Monetary integration – Lessons from Europe
Speech at the 2017 Symposium "Monetary Integration Prospects in Africa: Lessons from the Experience of the European Monetary and Financial Integration"
- 1 Introduction
- 2 Economic perspective: Between asymmetries and convergence
- 3 The reform perspective: Bridging differences
- 4 Conclusion: Easy to explain, tough to maintain
Ladies and gentlemen
It is a pleasure to be in South Africa once again – it is definitely one of my favourite destinations in the world. And today’s conference shows that there are many topics that Europe, South Africa and Africa share as a whole. In fact, many people outside of Africa are not sufficiently aware of Africa’s quite rich experience with economic and monetary integration, and with existing as well as planned monetary unions across the African continent. In the next 20 minutes or so, let me do my part in an exchange of lessons learnt from monetary integration.
You could write the idea of a monetary union on the back of an envelope. And to list its potential costs and perils, you might manage with a one-pager. But when it comes to documenting the workings of an actual monetary union like the European project, this means many thousands of pages of strategy papers, political compromises and new regulations, not to mention the changes it brings to people’s lives. The project of monetary integration in Europe turned out to be not only a number of steps, but rather a journey.
I guess that all of you here at this conference have made similar experiences across African countries and across existing currency unions.
Where does this complexity derive from? And what could be valuable lessons for future steps of monetary integration elsewhere?
Let me spend the next 20 minutes or so on a high altitude flight over the European monetary union and both its structural impediments as well as its reform challenges.
2 Economic perspective: Between asymmetries and convergence
People still have vivid memories of the crisis in the euro area. Just picture all-night meetings between national leaders, emotional debates in the European Parliament, European citizens queuing in front of closed banks, central bankers in many conference calls or young workers leaving their country to escape unemployment. These images somehow point – amongst others – to unsolved issues of European monetary integration.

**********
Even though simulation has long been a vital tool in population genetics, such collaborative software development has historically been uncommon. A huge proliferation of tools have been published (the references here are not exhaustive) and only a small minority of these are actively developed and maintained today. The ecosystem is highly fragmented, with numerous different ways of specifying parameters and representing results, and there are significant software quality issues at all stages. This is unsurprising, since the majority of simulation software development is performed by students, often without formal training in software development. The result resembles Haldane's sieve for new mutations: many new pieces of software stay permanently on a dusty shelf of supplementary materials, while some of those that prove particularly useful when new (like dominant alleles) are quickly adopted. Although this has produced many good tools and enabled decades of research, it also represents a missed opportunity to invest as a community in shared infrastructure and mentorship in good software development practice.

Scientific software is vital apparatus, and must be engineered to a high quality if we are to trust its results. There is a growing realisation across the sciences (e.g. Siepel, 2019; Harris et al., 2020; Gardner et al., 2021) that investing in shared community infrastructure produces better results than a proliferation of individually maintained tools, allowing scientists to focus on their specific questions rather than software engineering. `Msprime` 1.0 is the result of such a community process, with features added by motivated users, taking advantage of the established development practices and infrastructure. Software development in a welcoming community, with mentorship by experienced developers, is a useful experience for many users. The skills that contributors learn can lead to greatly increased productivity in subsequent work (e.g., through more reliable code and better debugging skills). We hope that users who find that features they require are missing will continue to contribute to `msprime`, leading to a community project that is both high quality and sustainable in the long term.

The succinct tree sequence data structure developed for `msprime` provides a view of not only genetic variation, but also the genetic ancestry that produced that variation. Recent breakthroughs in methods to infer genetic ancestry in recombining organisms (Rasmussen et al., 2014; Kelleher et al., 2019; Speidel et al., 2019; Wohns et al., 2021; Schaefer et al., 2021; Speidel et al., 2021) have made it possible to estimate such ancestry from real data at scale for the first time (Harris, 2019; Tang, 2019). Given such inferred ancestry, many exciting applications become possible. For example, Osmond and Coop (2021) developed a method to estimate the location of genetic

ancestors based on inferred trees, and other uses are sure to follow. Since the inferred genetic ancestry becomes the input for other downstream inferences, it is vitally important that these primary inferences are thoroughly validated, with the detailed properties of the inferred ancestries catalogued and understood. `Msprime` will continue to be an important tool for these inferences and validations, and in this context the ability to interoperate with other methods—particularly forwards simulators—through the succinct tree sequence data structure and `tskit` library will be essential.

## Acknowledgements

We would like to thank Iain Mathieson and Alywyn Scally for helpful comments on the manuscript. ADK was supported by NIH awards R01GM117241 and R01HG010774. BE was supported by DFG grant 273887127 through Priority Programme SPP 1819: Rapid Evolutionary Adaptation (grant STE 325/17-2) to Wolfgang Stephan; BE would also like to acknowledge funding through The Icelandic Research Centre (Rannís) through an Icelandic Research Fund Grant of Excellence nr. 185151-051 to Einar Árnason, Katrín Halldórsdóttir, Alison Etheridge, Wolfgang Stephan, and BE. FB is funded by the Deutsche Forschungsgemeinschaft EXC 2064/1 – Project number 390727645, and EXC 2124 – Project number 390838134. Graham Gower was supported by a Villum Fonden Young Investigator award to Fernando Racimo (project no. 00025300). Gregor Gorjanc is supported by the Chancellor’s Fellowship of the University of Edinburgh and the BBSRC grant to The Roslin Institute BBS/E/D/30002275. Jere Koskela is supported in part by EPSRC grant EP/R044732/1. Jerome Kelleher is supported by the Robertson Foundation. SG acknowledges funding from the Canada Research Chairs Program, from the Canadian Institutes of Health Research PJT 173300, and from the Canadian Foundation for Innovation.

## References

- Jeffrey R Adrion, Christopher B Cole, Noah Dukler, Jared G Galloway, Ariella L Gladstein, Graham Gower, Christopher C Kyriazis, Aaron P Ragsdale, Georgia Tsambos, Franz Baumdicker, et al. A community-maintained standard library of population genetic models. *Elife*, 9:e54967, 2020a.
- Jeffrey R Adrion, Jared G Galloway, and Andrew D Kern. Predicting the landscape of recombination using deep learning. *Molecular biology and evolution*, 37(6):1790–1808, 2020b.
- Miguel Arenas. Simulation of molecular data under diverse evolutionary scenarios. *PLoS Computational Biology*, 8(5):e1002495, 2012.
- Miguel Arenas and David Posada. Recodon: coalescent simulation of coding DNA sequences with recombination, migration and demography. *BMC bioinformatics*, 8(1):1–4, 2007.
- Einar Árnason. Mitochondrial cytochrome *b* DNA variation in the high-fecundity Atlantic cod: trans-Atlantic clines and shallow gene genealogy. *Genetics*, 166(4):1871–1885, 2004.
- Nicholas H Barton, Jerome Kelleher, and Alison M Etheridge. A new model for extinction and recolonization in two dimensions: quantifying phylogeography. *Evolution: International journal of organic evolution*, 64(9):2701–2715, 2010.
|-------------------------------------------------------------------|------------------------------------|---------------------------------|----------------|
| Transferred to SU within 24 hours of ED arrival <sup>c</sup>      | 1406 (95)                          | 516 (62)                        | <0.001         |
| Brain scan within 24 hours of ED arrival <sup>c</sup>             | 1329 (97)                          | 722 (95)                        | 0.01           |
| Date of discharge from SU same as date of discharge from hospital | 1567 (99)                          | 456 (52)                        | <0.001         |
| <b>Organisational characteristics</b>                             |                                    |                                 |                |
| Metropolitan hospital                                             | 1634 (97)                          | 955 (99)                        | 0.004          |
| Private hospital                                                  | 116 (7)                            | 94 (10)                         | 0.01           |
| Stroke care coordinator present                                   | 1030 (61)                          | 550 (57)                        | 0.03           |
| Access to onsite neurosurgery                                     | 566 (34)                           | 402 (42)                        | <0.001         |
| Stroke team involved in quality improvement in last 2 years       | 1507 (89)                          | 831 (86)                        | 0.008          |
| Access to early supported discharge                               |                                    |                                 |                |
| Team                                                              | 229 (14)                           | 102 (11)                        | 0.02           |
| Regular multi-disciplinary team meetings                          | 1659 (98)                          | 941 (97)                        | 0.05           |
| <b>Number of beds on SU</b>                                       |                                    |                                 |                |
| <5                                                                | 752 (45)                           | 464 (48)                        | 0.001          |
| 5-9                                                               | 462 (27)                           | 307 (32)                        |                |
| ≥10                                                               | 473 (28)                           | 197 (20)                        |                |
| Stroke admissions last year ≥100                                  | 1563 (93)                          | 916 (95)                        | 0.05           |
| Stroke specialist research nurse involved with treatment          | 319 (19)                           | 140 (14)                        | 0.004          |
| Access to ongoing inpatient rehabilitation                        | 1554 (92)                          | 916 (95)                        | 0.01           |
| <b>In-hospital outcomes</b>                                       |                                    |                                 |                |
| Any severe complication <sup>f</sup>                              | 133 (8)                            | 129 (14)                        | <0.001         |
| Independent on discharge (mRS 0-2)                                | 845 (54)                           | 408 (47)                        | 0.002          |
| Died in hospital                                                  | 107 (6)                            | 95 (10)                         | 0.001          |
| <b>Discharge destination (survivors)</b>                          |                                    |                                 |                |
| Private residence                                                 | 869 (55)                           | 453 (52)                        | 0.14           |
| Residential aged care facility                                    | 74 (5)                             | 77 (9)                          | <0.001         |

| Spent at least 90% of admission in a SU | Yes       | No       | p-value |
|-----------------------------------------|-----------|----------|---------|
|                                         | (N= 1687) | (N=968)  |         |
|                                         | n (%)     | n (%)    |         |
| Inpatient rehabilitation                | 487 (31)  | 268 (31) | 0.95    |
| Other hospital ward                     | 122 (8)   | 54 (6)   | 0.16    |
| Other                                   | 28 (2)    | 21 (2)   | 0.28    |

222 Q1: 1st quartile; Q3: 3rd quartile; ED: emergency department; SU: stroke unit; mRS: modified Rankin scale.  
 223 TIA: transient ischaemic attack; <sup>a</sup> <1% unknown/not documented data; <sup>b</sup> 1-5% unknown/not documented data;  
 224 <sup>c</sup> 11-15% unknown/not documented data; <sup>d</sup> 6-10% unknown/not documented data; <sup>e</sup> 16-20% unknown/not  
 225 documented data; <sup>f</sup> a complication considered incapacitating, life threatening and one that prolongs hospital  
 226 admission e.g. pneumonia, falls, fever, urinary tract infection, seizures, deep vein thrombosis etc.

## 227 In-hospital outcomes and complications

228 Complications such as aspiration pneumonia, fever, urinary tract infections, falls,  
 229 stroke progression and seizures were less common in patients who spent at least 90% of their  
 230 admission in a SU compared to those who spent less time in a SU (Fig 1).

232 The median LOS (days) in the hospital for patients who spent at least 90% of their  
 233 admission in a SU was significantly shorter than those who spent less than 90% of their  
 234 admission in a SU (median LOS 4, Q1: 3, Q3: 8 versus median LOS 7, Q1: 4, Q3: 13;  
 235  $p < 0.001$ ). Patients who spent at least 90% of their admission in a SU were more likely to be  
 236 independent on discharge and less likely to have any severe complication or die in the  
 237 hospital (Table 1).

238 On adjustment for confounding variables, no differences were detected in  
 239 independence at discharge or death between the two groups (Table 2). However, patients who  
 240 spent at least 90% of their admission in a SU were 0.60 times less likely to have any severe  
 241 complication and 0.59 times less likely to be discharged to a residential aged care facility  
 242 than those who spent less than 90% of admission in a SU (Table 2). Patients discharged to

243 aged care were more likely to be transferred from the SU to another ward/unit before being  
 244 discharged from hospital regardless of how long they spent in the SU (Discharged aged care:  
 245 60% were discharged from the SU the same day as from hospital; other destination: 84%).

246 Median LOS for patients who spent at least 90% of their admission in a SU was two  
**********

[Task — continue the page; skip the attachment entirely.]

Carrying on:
But the problem with those images is that they always tend to give only a partial and situational account of the problems. The actual issues of a monetary union are a lot less visible and a lot more abstract. So it is part of our job as central bankers and international economists to explain these phenomena – also by giving technocratic speeches that aren’t much fun to listen to. And as we’re still at the beginning of this conference, I’ll try to concentrate on the very fundamentals.
In economic terms, we have to deal with asymmetries – imbalances that exist for a longer time or that build up slowly over time. There may be differences in economic development, but we should not abstract from differences in infrastructure, institutions, and political and economic philosophies. All of those differences across borders are quite common.
You may be thinking of specific regional disparities among African countries right now. But also in the euro area, "convergence" was a key word from day one. Even today, although almost all member states in the euro area are experiencing an economic upturn by now, economic cycles are not synchronous. And unemployment rates are highly divergent, standing at over 22 percent in Greece and below 7 percent in Ireland. So even 25 years after we initiated a far-reaching treaty of European integration, and after 18 years of sharing a common currency, we are not marching in step.
Those asymmetries and structural differences between neighbouring countries are not necessarily a bad thing. But in a monetary union, dissimilar developments have extensive implications for two important challenges: first and well-known to everyone here in this room, given its construction, a monetary union is more prone to imbalances because there is no longer a national currency with a floating exchange rate as a means of countering imbalances and regional economic shocks. However cruel a sudden revaluation may be for some parts of an open economy, it is very useful as an automatic response to crises. Without nominal exchange rate flexibility, economies need to adjust through adjustments of the real exchange rate which is much more painful in practice.
As a second challenge, in a monetary union the community may ultimately bear the consequences for imbalances that have emerged on the level of sovereign member states. This has been an unequivocal lesson from the crisis in the euro area.
To describe how asymmetries became imbalances, let me briefly recap that large capital flow imbalances had built up for several reasons in the run-up to the crisis. Then, suddenly, a mistrust overburdened regional financing, the economy, and especially fiscal cushioning powers. But there is no need here for details about the ultimate causes that led to the crisis. To understand structural flaws in the euro area, it is more important to concentrate on what followed. Because what the course of the crisis quickly revealed is that the euro area was unprotected against spillovers and contagion.